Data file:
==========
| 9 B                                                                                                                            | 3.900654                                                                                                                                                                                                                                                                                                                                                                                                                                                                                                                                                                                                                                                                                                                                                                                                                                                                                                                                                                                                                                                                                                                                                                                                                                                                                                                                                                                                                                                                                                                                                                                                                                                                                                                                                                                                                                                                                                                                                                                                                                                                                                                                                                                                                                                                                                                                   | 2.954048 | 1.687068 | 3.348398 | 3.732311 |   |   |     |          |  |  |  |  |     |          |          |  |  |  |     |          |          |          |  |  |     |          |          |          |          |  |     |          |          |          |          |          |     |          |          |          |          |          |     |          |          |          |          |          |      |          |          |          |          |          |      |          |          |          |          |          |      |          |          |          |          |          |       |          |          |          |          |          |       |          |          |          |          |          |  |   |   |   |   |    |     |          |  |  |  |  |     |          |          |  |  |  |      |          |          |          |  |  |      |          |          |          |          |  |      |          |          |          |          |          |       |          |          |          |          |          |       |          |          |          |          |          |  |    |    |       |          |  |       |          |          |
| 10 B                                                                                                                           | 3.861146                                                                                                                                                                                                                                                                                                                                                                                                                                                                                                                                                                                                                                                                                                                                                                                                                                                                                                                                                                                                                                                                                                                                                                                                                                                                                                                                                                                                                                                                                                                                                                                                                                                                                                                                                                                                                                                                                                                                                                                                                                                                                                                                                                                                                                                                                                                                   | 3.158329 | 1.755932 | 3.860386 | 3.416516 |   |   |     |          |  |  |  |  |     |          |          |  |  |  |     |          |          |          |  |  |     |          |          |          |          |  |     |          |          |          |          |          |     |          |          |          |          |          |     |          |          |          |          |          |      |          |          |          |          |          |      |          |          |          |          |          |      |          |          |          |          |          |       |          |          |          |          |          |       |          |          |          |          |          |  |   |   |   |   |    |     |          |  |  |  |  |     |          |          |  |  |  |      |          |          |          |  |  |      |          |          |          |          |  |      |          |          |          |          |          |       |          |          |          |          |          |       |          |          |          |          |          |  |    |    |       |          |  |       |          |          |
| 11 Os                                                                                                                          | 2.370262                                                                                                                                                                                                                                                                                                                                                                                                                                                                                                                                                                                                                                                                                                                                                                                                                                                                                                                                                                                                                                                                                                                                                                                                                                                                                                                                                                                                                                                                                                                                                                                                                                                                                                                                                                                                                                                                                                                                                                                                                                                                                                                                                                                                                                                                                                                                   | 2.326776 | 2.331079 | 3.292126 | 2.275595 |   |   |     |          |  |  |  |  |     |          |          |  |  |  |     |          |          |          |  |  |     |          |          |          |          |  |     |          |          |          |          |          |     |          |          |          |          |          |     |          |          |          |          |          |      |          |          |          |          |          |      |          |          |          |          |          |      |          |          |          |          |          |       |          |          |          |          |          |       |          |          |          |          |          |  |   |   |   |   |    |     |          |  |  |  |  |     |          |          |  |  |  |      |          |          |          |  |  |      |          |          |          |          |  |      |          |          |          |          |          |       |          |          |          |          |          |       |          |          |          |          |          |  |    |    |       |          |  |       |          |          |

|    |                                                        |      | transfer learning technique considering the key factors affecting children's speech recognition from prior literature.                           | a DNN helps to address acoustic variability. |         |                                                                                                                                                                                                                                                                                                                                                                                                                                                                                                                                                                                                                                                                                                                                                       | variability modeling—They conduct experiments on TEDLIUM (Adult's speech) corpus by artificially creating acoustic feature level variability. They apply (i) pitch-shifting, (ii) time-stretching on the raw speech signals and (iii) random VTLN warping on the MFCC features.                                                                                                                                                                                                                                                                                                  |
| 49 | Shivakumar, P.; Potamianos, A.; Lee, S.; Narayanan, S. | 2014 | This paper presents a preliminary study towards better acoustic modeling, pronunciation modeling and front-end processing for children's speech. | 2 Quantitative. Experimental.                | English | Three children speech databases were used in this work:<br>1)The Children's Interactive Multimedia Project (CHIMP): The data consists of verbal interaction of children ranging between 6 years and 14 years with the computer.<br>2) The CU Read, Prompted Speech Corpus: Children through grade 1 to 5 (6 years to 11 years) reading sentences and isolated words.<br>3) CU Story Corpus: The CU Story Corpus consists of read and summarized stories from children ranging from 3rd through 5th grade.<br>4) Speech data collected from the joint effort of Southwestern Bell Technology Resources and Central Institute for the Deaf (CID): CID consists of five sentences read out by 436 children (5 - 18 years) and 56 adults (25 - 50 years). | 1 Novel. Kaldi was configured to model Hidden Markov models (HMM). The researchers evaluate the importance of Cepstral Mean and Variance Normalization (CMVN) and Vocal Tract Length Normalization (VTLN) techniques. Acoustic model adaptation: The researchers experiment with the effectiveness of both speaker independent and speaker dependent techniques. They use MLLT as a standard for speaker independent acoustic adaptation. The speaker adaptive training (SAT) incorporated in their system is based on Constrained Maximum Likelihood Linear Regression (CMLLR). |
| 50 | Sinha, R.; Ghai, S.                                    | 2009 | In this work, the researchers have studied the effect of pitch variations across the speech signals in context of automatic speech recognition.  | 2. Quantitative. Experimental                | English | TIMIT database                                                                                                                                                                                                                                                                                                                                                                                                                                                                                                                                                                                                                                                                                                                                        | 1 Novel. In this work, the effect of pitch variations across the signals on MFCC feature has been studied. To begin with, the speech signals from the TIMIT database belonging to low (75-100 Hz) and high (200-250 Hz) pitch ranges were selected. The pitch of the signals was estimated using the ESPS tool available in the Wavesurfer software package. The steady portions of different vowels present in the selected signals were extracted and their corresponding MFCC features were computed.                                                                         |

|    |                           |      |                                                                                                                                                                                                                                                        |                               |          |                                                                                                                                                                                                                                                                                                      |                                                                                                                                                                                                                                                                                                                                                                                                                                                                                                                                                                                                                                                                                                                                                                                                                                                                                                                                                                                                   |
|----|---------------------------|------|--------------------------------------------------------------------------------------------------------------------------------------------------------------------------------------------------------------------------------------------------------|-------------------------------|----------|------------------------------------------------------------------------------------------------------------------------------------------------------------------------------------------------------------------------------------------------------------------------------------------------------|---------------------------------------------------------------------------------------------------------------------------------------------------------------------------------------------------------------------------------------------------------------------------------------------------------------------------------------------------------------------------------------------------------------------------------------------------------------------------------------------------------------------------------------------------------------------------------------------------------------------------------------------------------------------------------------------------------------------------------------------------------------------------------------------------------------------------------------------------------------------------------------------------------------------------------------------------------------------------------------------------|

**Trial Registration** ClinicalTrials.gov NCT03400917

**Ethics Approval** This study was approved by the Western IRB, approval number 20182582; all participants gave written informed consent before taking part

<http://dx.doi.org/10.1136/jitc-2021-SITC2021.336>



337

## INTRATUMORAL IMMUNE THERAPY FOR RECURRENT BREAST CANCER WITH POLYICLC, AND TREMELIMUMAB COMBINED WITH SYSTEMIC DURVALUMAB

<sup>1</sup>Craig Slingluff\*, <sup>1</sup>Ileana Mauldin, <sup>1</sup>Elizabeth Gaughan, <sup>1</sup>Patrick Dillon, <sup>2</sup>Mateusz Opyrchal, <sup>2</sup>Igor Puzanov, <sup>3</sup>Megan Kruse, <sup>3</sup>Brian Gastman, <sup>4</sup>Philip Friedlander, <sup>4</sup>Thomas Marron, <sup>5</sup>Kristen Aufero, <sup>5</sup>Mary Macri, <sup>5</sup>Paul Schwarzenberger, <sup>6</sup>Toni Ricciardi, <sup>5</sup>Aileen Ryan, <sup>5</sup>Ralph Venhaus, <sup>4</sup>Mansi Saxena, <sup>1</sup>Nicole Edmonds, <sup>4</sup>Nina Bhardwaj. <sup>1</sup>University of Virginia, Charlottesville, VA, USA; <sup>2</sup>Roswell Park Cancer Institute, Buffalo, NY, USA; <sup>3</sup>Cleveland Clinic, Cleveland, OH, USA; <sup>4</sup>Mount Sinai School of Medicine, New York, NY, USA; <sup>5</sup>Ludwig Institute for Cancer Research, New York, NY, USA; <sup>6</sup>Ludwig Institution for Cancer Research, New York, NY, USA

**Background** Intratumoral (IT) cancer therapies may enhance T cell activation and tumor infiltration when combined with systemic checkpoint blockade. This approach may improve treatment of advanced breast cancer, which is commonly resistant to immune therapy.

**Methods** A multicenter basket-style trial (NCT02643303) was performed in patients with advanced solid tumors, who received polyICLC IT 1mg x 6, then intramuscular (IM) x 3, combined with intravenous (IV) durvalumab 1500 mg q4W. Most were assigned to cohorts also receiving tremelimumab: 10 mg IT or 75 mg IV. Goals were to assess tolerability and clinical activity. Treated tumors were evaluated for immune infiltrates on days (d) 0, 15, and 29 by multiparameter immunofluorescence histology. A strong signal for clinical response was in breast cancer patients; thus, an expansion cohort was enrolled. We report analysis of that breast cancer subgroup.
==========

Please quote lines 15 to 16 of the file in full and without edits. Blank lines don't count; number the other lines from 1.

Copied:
**Background** Intratumoral (IT) cancer therapies may enhance T cell activation and tumor infiltration when combined with systemic checkpoint blockade. This approach may improve treatment of advanced breast cancer, which is commonly resistant to immune therapy.

**Methods** A multicenter basket-style trial (NCT02643303) was performed in patients with advanced solid tumors, who received polyICLC IT 1mg x 6, then intramuscular (IM) x 3, combined with intravenous (IV) durvalumab 1500 mg q4W. Most were assigned to cohorts also receiving tremelimumab: 10 mg IT or 75 mg IV. Goals were to assess tolerability and clinical activity. Treated tumors were evaluated for immune infiltrates on days (d) 0, 15, and 29 by multiparameter immunofluorescence histology. A strong signal for clinical response was in breast cancer patients; thus, an expansion cohort was enrolled. We report analysis of that breast cancer subgroup.